New Jersey Family Part Judge Offers Interpretation of New Alimony Law


In 2014, New Jersey amended its laws on alimony. These amendments affected the court’s calculations of not only long-term alimony, but also alimony that lasts only through the divorce trial itself, known as “pendente lite relief.” Courts are still grappling with how these laws should be applied to actual divorce cases. One recent opinion from New Jersey Family Part Judge Lawrence Jones is an example of the sort of result that future divorce litigants might expect when applying for pendente lite relief.

The case titled Malek v. Malek centered on a couple who had been married for four years when they filed for divorce in 2016. The wife was unemployed at the time of the divorce, but the court determined that she was capable of earning $20,000 annually as a hairdresser. The husband worked as a teacher, earning roughly $90,000 a year. The parents shared custody of their children. After filing for divorce, the wife made a request for pendente lite relief, seeking an amount of support that would put her in a similar position financially as she was in during the marriage. The husband countered that, after the divorce, he had no additional income in his monthly budget to afford to support his wife.

Prior to the 2014 amendments to the laws on the calculation of pendente lite relief, courts would primarily seek to ensure that the supported spouse was able to maintain their prior standard of living during the divorce. “The focus would frequently tend to be on the needs and budget of the supported spouse, with comparatively less focus on the financial needs of the supporting spouse. An analysis which only considered the needs of one party, however, could leave the other party with little or no money to afford any type of similar reasonable lifestyle at all,” Judge Jones wrote in his opinion.

The 2014 amendments resulted in two major changes, according to Judge Jones; namely, that the maintenance of the marital standard of living is no longer the court’s primary concern, and that a court should consider both spouses’ right to maintain their existing standard of living when deciding an amount of pendente lite relief. Additional new factors in a pendente lite relief calculation include the spouses’ costs and increased living expenses associated with establishing separate residences after the divorce. According to Judge Jones, these factors should receive equal consideration when designing pendente lite relief.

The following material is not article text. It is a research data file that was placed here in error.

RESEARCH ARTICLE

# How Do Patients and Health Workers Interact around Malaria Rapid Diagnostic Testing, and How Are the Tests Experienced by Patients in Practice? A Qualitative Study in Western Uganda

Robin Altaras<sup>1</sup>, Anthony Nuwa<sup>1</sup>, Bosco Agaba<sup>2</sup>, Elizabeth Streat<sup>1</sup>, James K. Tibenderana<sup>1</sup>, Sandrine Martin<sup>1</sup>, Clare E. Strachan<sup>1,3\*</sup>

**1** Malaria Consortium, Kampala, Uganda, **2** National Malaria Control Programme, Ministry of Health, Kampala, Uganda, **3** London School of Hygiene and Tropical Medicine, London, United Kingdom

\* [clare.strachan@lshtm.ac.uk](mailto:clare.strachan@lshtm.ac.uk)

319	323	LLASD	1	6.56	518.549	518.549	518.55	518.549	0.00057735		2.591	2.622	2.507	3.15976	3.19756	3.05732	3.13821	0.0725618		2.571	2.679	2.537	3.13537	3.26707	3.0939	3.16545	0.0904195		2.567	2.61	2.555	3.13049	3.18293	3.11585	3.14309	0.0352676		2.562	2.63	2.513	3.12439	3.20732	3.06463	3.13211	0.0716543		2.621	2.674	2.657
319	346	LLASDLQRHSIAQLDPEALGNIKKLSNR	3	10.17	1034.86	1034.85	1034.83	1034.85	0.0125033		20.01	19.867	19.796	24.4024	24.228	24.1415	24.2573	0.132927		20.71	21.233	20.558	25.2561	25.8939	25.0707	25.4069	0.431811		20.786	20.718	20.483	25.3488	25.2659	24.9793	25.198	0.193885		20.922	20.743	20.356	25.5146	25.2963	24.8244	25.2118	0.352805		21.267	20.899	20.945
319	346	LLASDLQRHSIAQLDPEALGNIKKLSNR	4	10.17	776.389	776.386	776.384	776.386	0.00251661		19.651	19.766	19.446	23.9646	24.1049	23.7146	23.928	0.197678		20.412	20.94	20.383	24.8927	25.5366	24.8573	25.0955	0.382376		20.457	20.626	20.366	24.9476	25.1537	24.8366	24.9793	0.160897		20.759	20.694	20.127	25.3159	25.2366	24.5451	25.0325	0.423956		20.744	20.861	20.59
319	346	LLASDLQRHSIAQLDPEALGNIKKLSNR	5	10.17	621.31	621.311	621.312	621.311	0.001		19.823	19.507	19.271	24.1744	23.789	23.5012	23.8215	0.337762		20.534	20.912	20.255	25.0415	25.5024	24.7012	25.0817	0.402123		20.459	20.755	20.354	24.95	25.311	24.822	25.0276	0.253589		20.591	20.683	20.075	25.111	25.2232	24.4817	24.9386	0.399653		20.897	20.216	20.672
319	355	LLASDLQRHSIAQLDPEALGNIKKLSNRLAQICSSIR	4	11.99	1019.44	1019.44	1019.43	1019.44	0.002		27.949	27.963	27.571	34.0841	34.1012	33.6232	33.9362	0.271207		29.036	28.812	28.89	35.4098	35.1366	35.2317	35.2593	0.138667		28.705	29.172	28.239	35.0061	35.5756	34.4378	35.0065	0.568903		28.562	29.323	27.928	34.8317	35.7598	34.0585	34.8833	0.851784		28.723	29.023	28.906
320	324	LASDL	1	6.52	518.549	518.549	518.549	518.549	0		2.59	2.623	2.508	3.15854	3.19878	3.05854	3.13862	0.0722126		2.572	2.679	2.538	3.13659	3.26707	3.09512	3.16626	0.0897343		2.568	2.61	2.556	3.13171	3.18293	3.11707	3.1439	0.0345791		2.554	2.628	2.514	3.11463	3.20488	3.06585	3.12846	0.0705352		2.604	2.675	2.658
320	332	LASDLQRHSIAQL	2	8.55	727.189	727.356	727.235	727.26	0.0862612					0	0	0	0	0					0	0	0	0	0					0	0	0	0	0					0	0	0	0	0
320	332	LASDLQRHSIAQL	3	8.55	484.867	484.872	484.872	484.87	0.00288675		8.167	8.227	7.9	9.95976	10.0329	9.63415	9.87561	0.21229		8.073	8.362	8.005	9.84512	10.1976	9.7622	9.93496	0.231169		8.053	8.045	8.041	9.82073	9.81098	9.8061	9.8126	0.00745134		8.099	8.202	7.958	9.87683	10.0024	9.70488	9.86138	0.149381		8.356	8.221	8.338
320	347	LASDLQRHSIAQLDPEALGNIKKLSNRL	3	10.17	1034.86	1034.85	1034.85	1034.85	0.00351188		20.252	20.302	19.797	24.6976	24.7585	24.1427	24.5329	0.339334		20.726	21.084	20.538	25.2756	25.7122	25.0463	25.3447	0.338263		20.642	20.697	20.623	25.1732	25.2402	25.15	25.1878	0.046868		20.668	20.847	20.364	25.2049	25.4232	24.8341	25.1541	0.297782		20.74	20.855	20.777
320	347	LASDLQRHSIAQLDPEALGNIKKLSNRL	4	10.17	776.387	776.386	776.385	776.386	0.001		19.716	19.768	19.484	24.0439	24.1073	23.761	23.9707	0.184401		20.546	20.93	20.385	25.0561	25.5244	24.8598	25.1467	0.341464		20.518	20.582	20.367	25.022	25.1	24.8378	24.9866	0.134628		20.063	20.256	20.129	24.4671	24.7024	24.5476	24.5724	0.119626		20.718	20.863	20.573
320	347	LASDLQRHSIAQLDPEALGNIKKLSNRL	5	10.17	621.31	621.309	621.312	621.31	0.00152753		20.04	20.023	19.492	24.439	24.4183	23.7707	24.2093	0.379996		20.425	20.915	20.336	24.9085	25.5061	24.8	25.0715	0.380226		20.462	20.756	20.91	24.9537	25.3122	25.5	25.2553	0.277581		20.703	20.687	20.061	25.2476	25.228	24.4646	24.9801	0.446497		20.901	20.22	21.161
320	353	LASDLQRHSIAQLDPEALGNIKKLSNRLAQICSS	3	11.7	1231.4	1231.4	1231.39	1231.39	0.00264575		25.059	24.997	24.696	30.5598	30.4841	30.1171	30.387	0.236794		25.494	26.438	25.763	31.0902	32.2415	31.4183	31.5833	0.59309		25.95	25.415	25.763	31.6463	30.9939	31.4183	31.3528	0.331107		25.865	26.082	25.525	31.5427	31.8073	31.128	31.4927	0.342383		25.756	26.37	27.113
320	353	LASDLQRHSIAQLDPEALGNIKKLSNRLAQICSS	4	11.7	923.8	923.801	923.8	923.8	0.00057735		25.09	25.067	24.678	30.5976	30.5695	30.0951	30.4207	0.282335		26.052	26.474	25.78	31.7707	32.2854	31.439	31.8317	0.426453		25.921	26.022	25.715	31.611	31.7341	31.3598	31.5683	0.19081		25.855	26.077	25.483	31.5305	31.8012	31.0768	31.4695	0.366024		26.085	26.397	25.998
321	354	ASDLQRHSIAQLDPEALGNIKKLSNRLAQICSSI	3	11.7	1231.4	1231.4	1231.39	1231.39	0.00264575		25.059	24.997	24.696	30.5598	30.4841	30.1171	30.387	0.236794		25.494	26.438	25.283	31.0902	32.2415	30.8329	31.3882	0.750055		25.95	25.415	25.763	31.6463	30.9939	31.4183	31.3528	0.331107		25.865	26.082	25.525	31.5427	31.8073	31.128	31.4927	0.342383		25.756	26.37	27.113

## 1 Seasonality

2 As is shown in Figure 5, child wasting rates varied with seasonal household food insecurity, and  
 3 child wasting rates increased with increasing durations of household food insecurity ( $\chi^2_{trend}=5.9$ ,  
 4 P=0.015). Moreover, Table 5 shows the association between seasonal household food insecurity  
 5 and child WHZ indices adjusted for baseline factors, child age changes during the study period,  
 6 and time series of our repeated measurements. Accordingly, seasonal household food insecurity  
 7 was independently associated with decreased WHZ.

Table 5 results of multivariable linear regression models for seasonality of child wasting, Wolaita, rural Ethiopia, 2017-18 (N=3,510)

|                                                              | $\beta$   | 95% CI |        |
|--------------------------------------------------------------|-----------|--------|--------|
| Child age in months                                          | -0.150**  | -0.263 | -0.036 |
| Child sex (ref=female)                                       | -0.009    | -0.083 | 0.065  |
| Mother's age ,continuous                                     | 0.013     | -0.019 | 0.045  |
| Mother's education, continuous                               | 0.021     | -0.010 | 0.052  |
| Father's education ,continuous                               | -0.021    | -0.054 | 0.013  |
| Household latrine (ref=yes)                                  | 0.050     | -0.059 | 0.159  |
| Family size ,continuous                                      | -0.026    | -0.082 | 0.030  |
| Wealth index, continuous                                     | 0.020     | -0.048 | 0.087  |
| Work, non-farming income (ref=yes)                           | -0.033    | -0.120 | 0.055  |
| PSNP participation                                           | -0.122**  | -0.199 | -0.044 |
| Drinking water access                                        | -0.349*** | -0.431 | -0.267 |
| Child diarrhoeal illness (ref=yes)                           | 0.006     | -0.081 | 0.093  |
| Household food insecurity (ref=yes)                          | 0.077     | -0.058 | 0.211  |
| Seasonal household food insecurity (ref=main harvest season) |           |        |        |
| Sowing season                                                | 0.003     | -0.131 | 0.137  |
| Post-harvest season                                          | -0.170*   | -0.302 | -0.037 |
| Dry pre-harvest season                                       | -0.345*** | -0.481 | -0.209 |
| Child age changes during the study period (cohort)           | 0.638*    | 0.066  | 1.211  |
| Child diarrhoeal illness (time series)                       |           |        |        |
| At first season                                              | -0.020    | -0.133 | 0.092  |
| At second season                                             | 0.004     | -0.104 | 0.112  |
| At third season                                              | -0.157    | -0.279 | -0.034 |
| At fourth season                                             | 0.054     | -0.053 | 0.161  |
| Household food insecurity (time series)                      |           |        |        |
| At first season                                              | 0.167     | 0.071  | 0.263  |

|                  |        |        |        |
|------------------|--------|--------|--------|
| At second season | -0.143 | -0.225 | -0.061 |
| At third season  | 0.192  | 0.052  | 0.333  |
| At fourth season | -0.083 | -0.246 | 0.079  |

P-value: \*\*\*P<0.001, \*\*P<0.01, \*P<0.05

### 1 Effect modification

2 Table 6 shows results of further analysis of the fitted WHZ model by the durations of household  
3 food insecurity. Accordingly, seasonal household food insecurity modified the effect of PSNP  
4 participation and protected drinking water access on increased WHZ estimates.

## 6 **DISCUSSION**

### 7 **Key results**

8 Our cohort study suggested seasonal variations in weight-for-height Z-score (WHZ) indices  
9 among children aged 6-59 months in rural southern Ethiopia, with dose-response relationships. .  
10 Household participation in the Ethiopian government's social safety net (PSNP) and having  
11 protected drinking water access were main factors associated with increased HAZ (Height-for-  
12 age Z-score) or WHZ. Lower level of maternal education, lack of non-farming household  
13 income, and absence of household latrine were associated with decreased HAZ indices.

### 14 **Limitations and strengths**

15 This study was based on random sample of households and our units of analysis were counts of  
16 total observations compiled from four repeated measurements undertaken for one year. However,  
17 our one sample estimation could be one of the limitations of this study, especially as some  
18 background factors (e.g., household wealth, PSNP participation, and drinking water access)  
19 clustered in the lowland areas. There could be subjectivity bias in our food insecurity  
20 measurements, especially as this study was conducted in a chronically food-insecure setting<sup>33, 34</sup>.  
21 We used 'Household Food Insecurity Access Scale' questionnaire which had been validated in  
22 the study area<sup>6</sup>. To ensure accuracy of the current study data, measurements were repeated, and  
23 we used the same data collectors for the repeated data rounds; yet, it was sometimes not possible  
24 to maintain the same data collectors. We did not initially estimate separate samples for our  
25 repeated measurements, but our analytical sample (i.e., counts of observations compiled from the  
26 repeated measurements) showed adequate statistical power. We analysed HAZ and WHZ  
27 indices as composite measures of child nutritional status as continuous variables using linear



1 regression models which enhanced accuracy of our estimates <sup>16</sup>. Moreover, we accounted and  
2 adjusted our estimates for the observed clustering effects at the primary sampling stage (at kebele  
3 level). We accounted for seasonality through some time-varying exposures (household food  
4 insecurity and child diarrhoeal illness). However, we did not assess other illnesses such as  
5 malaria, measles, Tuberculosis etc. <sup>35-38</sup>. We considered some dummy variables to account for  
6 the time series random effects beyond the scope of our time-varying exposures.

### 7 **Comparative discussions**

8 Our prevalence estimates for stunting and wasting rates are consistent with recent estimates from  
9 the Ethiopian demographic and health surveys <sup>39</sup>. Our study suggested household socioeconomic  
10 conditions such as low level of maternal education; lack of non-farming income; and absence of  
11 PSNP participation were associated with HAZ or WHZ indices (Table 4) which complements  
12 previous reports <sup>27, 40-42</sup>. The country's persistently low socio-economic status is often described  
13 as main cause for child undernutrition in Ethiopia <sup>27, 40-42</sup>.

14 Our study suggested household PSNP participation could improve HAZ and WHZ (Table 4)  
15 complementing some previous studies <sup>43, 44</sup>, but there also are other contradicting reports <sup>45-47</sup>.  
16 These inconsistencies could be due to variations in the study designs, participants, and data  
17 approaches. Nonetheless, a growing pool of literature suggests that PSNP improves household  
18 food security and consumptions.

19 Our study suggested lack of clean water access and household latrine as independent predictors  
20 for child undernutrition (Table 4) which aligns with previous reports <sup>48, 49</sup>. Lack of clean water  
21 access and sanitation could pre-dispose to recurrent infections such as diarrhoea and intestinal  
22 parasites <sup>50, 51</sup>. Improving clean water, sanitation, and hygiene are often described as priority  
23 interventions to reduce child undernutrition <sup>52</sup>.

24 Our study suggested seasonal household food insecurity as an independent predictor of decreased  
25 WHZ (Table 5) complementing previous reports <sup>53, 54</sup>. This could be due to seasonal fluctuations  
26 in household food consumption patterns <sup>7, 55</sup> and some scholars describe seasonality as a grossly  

As a result of these revised considerations, Judge Jones noted that it may not be possible for spouses to maintain their prior lifestyle after filing for divorce, especially where the spouses were not living within their means during the marriage. The judge’s job, he reasoned, might be to determine an “interim economic arrangement” which was fair to both spouses. The judge ruled in this case that both husband and wife would need to reconsider the monthly budgets and living expense projections they had submitted, as well as new employment options, in order that the existing income could be fairly distributed between the spouses.

For assistance with a New Jersey divorce or custody dispute, contact the compassionate and knowledgeable Englewood family law attorneys at Herbert & Weiss for a consultation, at 201-440-6300.

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